16. ^ "Milestones in Singapore's Legal History". Supreme Court, Singapore. Retrieved 18 July 2006.
  17. ^ Lily Zubaidah Rahim. Singapore in the Malay World: Building and Breaching Regional Bridges. Taylor & Francis. p. 24. ISBN 9781134013975.CS1 maint: Uses authors parameter (link)
  18. ^ Turnbull 2009, p. 41.
  19. ^ a b c d Turnbull 2009, pp. 39–41.
  20. ^ Carl A. Trocki (30 November 2007). Prince of Pirates: The Temenggongs and the Development of Johor and Singapore, 1784–1885 (2nd Revised ed.). NUS Press. p. 66. ISBN 978-9971693763.
  21. ^ "Treaty of Friendship and Alliance is signed". HistorySG. National Library Board.
  22. ^ Bastin, John. "Malayan Portraits: John Crawfurd", in Malaya, vol.3 (December 1954), pp.697–698.
  23. ^ J C M Khoo; C G Kwa; L Y Khoo (1998). "The Death of Sir Thomas Stamford Raffles (1781–1826)". Singapore Medical Journal. Archived from the original on 3 September 2006. Retrieved 18 July 2006.
  24. ^ a b "Signing of the Anglo-Dutch Treaty (Treaty of London) of 1824". HistorySG. Singapore Government. Retrieved 4 February 2018.


1819 in Singapore

Events from the year 1819 in Singapore.


Aljunied is a sub-urban area located in the central part of the city-state of Singapore. Named after Aljunied Road, it was formerly agricultural land which has since been heavily urbanised and presently comprises a variety of land uses. Today, Aljunied is a bustling neighbourhood with HDB flats with amenities like shops, schools, parks and recreational facilities, as well as quite a number of traditional Singaporean shophouses.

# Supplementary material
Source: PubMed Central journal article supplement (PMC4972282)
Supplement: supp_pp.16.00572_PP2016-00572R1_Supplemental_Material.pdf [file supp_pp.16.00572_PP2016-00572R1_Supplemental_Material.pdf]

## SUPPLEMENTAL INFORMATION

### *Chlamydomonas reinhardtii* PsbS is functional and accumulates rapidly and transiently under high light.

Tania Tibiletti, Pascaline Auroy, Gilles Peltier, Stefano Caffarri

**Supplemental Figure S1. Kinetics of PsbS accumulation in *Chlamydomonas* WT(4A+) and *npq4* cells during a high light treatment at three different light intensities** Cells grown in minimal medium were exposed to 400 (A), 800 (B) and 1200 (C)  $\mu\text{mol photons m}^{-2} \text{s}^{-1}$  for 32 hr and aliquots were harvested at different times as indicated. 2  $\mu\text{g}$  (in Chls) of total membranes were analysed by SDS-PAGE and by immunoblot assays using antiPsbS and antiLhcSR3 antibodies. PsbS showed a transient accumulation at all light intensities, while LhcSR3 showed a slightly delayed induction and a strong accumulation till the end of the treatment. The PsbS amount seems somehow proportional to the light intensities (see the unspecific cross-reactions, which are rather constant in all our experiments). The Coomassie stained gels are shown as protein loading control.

Anarchism in Singapore

There is a brief history of anarchism in Singapore. In contemporary times, there is little or no presence of the ideology in the country.

Archaeology in Singapore

Archaeology in Singapore is a niche but growing discipline. Although there is generally a lack of government support for archeological work, many artifacts have been unearthed at sites around the island, helping to give a clearer picture of Singapore's history, both concerning the early history of Singapore and its subsequent colonial settlement following the founding of modern Singapore, the former being particularly useful in revealing archaeological evidence reflecting references to settlements such as Temasek, Ban Zu, Long Ya Men and the Kingdom of Singapura in chronicles and records.

Chinese language romanisation in Singapore

The romanisation of the Chinese language in Singapore is not dictated by a single policy, nor is its policy implementation consistent, as the local Chinese community is composed of a myriad of dialect groups. Although Hanyu Pinyin is adopted as the preferred romanisation system for Mandarin, the general lack of a romanisation standard for other Chinese varieties results in some level of inconsistency. This may be illustrated by the many variants for the same Chinese characters often found in surnames such as Low, Loh, Lo; Tay, Teh; Teo, Teoh; Yong, Yeong.